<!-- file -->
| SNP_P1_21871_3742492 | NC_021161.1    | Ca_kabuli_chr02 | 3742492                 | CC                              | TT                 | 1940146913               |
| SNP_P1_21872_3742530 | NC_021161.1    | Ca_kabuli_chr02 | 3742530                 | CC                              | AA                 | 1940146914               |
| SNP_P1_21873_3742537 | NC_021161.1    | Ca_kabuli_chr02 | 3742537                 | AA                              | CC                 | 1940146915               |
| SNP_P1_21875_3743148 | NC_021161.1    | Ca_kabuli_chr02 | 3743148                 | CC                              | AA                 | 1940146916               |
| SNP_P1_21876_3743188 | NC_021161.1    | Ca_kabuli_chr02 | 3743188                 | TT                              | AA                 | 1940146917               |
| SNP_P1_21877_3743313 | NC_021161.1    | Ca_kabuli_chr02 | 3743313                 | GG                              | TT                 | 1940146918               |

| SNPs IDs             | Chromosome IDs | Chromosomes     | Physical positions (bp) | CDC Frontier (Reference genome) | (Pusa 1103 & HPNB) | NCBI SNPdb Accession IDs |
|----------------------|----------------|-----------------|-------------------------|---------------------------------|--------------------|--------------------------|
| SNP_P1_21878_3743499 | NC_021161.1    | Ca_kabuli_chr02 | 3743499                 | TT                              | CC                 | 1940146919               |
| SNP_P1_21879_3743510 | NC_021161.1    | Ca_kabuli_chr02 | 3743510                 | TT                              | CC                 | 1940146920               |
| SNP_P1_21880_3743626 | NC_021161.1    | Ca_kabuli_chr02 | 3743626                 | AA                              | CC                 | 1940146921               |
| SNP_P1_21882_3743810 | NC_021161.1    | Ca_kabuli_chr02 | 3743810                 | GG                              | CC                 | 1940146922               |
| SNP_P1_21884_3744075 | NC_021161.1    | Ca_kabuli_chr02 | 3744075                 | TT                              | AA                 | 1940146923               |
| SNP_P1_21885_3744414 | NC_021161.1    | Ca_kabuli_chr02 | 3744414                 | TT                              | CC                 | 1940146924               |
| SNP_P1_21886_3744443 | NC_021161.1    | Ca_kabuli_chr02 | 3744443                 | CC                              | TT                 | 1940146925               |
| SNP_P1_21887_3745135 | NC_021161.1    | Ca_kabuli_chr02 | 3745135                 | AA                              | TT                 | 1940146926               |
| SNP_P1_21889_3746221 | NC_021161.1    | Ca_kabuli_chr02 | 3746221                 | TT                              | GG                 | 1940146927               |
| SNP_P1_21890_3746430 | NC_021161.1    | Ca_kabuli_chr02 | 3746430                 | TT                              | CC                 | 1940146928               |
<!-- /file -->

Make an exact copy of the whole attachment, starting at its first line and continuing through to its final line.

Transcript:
| SNP_P1_21871_3742492 | NC_021161.1    | Ca_kabuli_chr02 | 3742492                 | CC                              | TT                 | 1940146913               |
| SNP_P1_21872_3742530 | NC_021161.1    | Ca_kabuli_chr02 | 3742530                 | CC                              | AA                 | 1940146914               |
| SNP_P1_21873_3742537 | NC_021161.1    | Ca_kabuli_chr02 | 3742537                 | AA                              | CC                 | 1940146915               |
| SNP_P1_21875_3743148 | NC_021161.1    | Ca_kabuli_chr02 | 3743148                 | CC                              | AA                 | 1940146916               |
| SNP_P1_21876_3743188 | NC_021161.1    | Ca_kabuli_chr02 | 3743188                 | TT                              | AA                 | 1940146917               |
| SNP_P1_21877_3743313 | NC_021161.1    | Ca_kabuli_chr02 | 3743313                 | GG                              | TT                 | 1940146918               |

| SNPs IDs             | Chromosome IDs | Chromosomes     | Physical positions (bp) | CDC Frontier (Reference genome) | (Pusa 1103 & HPNB) | NCBI SNPdb Accession IDs |
|----------------------|----------------|-----------------|-------------------------|---------------------------------|--------------------|--------------------------|
| SNP_P1_21878_3743499 | NC_021161.1    | Ca_kabuli_chr02 | 3743499                 | TT                              | CC                 | 1940146919               |
| SNP_P1_21879_3743510 | NC_021161.1    | Ca_kabuli_chr02 | 3743510                 | TT                              | CC                 | 1940146920               |
| SNP_P1_21880_3743626 | NC_021161.1    | Ca_kabuli_chr02 | 3743626                 | AA                              | CC                 | 1940146921               |
| SNP_P1_21882_3743810 | NC_021161.1    | Ca_kabuli_chr02 | 3743810                 | GG                              | CC                 | 1940146922               |
| SNP_P1_21884_3744075 | NC_021161.1    | Ca_kabuli_chr02 | 3744075                 | TT                              | AA                 | 1940146923               |
| SNP_P1_21885_3744414 | NC_021161.1    | Ca_kabuli_chr02 | 3744414                 | TT                              | CC                 | 1940146924               |
| SNP_P1_21886_3744443 | NC_021161.1    | Ca_kabuli_chr02 | 3744443                 | CC                              | TT                 | 1940146925               |
| SNP_P1_21887_3745135 | NC_021161.1    | Ca_kabuli_chr02 | 3745135                 | AA                              | TT                 | 1940146926               |
| SNP_P1_21889_3746221 | NC_021161.1    | Ca_kabuli_chr02 | 3746221                 | TT                              | GG                 | 1940146927               |
| SNP_P1_21890_3746430 | NC_021161.1    | Ca_kabuli_chr02 | 3746430                 | TT                              | CC                 | 1940146928               |